Annual Report 2013
The state of the world's human rights

19 December 2011

Bahrain must release activist dragged away from peaceful protest

Bahrain must release activist dragged away from peaceful protest
Zainab al-Khawaja's father and husband are both in prison following popular protests

Zainab al-Khawaja's father and husband are both in prison following popular protests

© Conor McCabe

Zainab al-Khawaja’s arrest ...demonstrates the authorities’ utter contempt of freedom of expression and peaceful protest.
Hassiba Hadj Sahraoui, Amnesty International's Deputy Director for the Middle East and North Africa
Mon, 19/12/2011

The Bahrain authorities must release a prominent activist dragged away along the ground in handcuffs from a peaceful protest, Amnesty International said today. 

Blogger and activist Zainab al-Khawaja, whose father and husband are both in prison in the aftermath of popular protests this year, has been charged with taking part in an illegal public gathering, showing contempt of the regime and assaulting a police officer.

Video and photographs of her sitting in protest on her own at a roundabout on 15 December, then being handcuffed and dragged along the ground by the handcuffs into a police car contradict the contention that she assaulted the arresting officer.

“The Bahraini authorities must immediately release Zainab Al-Khawaja and Ma’suma Sayyid Sharaf, and drop the specious charges against them,” said Hassiba Hadj Sahraoui, Deputy Director of the North Africa and the Middle East Programme.   

Amnesty International has received reports that al-Khawaja was beaten by police officers while out of sight of cameras, and a friend of the activist, Ma’suma Sayyid Sharaf, was arrested while trying to intervene. Sharaf is also being held under the same charges. 
“Zainab al-Khawaja’s arrest at all demonstrates the authorities’ utter contempt of freedom of expression and peaceful protest and puts into question the will of the Bahraini authorities to take seriously the findings of  the Bahrain Independent Commission of Inquiry,” said Hassiba Hadj Sahraoui.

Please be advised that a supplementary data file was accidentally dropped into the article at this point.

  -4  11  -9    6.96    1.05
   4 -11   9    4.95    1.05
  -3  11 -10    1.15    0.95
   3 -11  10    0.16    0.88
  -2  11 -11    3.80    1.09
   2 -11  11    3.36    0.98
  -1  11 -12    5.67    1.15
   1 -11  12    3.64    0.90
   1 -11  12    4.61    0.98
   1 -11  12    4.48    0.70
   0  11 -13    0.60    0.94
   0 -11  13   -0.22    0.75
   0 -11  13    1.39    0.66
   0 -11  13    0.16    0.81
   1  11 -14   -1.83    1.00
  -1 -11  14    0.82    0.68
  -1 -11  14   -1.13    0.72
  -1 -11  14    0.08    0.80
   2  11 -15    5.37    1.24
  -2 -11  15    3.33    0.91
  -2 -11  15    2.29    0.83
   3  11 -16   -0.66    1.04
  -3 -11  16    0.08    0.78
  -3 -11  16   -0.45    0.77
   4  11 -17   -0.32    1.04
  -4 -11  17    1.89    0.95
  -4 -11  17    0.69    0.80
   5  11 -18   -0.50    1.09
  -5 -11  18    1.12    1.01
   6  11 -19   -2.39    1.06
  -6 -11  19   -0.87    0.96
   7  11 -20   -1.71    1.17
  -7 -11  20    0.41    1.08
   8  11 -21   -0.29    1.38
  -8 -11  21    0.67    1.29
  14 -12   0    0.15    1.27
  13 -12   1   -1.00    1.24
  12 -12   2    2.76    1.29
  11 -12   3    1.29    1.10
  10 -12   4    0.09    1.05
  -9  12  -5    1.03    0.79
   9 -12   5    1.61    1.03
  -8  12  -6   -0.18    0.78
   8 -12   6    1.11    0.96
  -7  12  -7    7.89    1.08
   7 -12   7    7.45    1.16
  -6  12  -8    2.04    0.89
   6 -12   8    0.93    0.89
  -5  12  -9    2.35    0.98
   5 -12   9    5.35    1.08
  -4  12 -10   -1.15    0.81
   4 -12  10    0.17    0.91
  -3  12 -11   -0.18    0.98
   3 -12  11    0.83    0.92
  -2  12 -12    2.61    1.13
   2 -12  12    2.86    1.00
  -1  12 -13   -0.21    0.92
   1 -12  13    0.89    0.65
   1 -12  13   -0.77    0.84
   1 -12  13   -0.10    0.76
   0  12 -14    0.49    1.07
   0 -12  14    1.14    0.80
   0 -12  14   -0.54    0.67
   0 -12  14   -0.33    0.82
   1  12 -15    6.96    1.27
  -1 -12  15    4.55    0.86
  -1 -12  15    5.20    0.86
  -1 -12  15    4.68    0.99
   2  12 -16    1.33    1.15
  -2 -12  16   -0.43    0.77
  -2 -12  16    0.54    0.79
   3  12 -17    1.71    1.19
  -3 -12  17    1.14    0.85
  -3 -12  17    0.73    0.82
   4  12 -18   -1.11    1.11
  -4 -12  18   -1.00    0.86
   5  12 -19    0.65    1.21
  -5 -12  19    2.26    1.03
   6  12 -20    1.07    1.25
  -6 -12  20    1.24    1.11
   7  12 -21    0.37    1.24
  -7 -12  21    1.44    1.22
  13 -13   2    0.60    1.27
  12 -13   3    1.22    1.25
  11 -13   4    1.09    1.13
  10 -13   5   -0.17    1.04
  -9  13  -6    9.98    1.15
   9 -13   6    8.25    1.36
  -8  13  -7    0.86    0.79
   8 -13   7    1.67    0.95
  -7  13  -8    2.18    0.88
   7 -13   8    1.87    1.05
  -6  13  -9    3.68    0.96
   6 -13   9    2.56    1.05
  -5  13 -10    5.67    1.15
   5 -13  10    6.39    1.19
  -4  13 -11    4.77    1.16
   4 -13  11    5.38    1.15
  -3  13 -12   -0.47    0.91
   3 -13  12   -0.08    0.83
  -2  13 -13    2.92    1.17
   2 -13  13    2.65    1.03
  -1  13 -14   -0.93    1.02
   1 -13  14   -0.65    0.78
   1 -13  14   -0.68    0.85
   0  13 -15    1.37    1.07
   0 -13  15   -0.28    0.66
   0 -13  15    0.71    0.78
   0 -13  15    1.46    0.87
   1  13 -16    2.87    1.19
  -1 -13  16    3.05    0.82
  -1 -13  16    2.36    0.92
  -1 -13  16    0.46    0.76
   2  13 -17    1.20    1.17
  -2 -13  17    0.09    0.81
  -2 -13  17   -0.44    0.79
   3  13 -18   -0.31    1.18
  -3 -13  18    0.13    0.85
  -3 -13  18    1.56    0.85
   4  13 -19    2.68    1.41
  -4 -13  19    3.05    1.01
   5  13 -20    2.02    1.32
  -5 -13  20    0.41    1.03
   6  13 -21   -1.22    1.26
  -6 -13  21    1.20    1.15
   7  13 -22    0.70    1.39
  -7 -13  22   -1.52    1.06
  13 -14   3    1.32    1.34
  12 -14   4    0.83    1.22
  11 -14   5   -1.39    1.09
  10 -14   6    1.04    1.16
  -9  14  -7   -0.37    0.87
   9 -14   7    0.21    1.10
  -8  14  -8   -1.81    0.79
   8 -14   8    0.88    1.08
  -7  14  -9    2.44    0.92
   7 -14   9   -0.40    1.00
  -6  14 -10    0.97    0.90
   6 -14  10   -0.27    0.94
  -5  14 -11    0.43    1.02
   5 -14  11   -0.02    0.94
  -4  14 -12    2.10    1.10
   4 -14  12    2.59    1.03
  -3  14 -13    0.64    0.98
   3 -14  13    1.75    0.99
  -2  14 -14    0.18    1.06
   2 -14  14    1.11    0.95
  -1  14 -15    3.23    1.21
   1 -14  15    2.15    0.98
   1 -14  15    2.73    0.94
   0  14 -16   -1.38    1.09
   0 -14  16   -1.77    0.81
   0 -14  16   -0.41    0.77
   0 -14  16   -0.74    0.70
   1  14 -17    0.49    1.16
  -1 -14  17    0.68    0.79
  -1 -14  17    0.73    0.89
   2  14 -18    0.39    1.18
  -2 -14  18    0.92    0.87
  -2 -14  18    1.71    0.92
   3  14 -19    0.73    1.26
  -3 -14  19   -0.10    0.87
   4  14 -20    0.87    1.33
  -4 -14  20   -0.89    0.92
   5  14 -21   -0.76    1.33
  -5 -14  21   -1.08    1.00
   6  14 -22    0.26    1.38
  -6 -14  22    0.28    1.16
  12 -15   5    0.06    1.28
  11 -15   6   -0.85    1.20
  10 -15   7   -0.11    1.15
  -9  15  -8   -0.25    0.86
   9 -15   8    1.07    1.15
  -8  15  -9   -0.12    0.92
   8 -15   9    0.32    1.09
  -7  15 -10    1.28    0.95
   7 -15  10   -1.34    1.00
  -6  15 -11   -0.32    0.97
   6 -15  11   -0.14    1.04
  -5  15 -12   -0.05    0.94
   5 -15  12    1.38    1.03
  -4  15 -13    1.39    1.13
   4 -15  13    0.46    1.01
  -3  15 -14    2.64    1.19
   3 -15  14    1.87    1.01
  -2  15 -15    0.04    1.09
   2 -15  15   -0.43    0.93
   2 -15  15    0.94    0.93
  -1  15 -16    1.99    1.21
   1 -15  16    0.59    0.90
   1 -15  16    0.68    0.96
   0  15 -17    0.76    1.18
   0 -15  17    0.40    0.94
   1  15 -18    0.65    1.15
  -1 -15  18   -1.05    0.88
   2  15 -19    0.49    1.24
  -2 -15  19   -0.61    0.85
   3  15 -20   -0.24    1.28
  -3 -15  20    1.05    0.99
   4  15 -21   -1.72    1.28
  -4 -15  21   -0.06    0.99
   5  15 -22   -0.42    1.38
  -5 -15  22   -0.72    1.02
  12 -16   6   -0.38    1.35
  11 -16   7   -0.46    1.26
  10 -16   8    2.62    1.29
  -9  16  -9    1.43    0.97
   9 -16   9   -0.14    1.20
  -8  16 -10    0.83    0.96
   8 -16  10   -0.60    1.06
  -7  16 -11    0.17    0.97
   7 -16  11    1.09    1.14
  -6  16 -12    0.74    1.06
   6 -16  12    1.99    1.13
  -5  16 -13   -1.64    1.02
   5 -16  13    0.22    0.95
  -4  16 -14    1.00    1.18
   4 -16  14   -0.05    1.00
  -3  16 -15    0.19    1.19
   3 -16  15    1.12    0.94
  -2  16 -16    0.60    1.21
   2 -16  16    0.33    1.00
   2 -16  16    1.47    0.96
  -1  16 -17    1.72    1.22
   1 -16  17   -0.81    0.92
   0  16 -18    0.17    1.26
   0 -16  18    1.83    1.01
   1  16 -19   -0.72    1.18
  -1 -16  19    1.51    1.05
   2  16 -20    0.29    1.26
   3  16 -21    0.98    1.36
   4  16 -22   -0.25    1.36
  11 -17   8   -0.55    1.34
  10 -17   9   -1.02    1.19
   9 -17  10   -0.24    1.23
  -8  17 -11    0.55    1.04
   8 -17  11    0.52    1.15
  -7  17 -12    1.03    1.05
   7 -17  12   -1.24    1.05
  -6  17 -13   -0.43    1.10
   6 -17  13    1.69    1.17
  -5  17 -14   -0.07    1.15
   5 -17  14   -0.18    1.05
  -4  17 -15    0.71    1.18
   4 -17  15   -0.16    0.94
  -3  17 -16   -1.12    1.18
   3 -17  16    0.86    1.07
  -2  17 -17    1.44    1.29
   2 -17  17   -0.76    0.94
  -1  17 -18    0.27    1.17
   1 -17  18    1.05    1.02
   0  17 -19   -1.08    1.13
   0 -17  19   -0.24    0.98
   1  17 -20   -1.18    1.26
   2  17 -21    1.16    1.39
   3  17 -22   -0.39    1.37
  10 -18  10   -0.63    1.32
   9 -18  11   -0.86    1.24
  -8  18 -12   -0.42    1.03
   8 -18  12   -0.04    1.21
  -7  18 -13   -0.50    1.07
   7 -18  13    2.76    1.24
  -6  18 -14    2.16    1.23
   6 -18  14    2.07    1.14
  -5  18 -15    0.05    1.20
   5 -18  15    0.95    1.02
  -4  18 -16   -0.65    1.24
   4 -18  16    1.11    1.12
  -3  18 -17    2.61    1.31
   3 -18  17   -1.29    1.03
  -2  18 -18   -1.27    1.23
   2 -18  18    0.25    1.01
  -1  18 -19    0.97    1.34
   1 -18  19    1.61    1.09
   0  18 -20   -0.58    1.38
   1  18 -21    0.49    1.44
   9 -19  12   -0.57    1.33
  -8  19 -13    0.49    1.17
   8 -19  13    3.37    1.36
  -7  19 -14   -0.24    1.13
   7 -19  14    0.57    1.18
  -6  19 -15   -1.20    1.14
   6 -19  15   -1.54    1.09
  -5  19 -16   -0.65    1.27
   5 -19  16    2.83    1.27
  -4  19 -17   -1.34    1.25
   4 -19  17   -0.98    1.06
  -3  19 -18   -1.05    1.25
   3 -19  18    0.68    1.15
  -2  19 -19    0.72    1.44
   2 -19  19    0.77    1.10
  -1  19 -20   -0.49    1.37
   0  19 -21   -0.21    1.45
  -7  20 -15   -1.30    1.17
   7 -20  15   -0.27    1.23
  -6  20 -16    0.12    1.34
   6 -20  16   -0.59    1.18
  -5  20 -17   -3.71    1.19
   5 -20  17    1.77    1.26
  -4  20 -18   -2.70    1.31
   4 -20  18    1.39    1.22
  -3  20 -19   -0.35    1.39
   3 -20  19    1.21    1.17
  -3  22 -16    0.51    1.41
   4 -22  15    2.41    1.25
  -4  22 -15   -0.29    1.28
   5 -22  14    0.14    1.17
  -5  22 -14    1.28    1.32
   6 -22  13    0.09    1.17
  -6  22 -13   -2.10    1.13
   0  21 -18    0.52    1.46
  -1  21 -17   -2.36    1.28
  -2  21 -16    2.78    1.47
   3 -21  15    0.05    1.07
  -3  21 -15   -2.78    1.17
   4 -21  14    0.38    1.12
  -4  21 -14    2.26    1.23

The anti-government sit-in at the roundabout was organized by several women on the eve of celebrations marking Bahrain’s national day (16 December).  After the police used teargas and sound bombs, the other protesters dispersed but al-Khawaja, a seasoned demonstrator, did not move. 

After the arrest, al-Khawaja was taken to al-Budaiye’ police station on the outskirts of Manama, where she was reportedly beaten further.
Zainab al-Khawaja, who blogs and tweets under the name ‘Angry Arabiya’, is the daughter of prominent human rights and opposition activist Abdelhadi al-Khawaja.

He was sentenced to life imprisonment by a military court in June in a politically motivated trial of 21 opposition activists, seven of whom were tried in absentia. He has alleged that he was severely tortured in detention, that his jaw was shattered, and that he was threatened with rape.
“Given the horrendous mistreatment of her father Abdelhadi al-Khawaja, we have grave fears for Zainab’s safety while she is in detention,” said Hassiba Hadj-Sahraoui.

Al-Khawaja’s lawyer told Amnesty International that she is being held in detention in 'Issa Town, South-west of Manama, and no visitors have been permitted.  Both she and Sharaf were questioned at the Public Prosecutor’s Office after their arrest until 5:00am on 16 December.

They were both referred to a doctor on Saturday at the request of lawyers, with Zainab reportedly suffering bruising on her arms and hands, and experiencing headaches from being beaten in the head.

The two women will reportedly appear before a judge in the coming days.

The Bahrain Independent Commission of Inquiry (BICI) report released in November and welcomed by the King of Bahrain was deeply critical of the authorities’ handling of demonstrations this February and March, and of excessive force and other abuses against peaceful demonstrators in the following months.

“The Bahraini authorities must demonstrate that the report of the Commission is more than a public relation exercise and start implementing the recommendations of the report. Foremost they need to start taking the rights of protesters seriously,” said Hassiba Hadj Sahraoui.


Freedom Of Expression 
MENA unrest 




Middle East And North Africa 

@amnestyonline on twitter


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